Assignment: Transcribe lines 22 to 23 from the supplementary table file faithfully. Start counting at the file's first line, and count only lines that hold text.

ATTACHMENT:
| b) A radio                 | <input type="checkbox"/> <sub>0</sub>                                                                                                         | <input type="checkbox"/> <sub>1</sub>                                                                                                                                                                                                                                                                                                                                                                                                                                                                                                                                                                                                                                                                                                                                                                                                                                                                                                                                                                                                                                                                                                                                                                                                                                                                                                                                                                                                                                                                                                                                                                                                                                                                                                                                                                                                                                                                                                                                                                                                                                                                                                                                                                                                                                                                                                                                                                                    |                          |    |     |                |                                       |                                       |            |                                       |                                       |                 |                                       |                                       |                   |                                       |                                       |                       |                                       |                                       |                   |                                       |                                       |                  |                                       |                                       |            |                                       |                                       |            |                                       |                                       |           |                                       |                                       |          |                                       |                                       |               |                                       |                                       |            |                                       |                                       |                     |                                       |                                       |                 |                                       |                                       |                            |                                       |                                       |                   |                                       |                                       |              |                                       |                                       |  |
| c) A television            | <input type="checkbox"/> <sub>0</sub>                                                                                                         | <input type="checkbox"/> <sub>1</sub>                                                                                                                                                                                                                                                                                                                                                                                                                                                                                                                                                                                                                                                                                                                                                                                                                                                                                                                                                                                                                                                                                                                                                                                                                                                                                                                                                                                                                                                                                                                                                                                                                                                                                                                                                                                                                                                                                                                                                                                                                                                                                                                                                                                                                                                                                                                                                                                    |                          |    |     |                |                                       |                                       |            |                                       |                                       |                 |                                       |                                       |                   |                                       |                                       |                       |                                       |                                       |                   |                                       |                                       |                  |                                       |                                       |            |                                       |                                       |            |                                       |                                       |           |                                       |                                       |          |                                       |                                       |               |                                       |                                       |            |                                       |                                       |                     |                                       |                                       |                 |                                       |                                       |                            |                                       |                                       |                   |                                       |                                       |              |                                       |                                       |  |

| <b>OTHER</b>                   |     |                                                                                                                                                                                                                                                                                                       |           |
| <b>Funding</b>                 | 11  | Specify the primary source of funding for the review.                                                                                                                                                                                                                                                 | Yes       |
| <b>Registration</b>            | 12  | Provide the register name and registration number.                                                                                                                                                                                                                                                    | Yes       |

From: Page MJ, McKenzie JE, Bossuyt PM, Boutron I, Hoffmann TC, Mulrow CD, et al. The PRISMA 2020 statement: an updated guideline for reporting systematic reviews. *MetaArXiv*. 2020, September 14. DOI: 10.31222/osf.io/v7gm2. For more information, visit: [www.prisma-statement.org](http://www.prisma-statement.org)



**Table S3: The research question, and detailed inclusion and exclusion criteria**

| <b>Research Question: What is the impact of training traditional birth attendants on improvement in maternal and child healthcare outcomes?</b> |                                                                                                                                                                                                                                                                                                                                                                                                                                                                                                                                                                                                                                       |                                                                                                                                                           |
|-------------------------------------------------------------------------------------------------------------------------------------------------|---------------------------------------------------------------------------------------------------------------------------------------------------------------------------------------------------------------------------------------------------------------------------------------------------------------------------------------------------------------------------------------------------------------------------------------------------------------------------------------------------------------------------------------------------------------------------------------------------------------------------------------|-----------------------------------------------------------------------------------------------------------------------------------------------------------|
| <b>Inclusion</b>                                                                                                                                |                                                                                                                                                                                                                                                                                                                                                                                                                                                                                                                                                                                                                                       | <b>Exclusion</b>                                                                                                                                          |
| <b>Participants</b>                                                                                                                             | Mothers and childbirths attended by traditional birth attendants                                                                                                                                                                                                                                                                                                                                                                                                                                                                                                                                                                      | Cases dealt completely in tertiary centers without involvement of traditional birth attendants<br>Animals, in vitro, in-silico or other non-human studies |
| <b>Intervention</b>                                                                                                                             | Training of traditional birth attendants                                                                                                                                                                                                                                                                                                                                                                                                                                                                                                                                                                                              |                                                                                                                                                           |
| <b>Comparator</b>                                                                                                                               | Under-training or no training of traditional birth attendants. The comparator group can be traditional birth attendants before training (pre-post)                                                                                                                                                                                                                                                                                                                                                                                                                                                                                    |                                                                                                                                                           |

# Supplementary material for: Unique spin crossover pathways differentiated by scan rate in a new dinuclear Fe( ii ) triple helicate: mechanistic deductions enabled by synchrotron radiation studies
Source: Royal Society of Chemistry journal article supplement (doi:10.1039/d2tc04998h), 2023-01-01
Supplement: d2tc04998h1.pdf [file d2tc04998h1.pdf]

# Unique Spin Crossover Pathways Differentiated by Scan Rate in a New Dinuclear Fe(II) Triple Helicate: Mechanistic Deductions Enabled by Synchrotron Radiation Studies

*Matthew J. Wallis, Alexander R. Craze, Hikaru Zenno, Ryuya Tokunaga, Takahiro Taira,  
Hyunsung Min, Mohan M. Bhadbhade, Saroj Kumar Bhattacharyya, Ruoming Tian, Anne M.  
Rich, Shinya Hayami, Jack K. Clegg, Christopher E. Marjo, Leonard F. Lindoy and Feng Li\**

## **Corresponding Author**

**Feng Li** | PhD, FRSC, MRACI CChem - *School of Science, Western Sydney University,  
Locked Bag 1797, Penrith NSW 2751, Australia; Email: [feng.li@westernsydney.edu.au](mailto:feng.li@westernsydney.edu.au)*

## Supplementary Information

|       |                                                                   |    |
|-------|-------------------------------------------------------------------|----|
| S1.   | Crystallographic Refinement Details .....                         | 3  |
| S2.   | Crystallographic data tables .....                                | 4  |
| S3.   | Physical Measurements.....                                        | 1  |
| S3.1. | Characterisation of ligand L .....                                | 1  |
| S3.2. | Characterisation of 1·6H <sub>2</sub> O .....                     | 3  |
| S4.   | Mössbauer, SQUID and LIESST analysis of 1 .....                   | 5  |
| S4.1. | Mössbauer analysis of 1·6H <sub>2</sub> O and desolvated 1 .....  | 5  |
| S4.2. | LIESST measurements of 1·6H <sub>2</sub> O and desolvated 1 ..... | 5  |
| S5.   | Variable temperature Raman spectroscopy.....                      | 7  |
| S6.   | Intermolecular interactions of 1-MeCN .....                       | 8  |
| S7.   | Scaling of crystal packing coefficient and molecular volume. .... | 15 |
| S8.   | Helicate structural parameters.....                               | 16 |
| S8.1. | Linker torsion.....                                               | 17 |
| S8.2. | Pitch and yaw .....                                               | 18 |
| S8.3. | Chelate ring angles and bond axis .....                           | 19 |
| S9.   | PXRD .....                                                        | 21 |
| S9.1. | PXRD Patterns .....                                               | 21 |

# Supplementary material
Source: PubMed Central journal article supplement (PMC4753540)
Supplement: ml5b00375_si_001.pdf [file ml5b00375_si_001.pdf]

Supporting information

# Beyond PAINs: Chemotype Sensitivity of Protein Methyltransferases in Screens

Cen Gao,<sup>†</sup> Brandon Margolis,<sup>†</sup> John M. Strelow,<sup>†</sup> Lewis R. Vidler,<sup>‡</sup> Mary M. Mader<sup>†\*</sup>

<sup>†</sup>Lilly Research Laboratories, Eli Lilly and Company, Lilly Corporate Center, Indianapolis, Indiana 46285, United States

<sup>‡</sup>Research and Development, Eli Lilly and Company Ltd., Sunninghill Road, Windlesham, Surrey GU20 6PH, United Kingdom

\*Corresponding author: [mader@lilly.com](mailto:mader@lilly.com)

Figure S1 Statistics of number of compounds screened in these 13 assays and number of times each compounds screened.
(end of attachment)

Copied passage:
**Feng Li** | PhD, FRSC, MRACI CChem - *School of Science, Western Sydney University,  
Locked Bag 1797, Penrith NSW 2751, Australia; Email: [feng.li@westernsydney.edu.au](mailto:feng.li@westernsydney.edu.au)*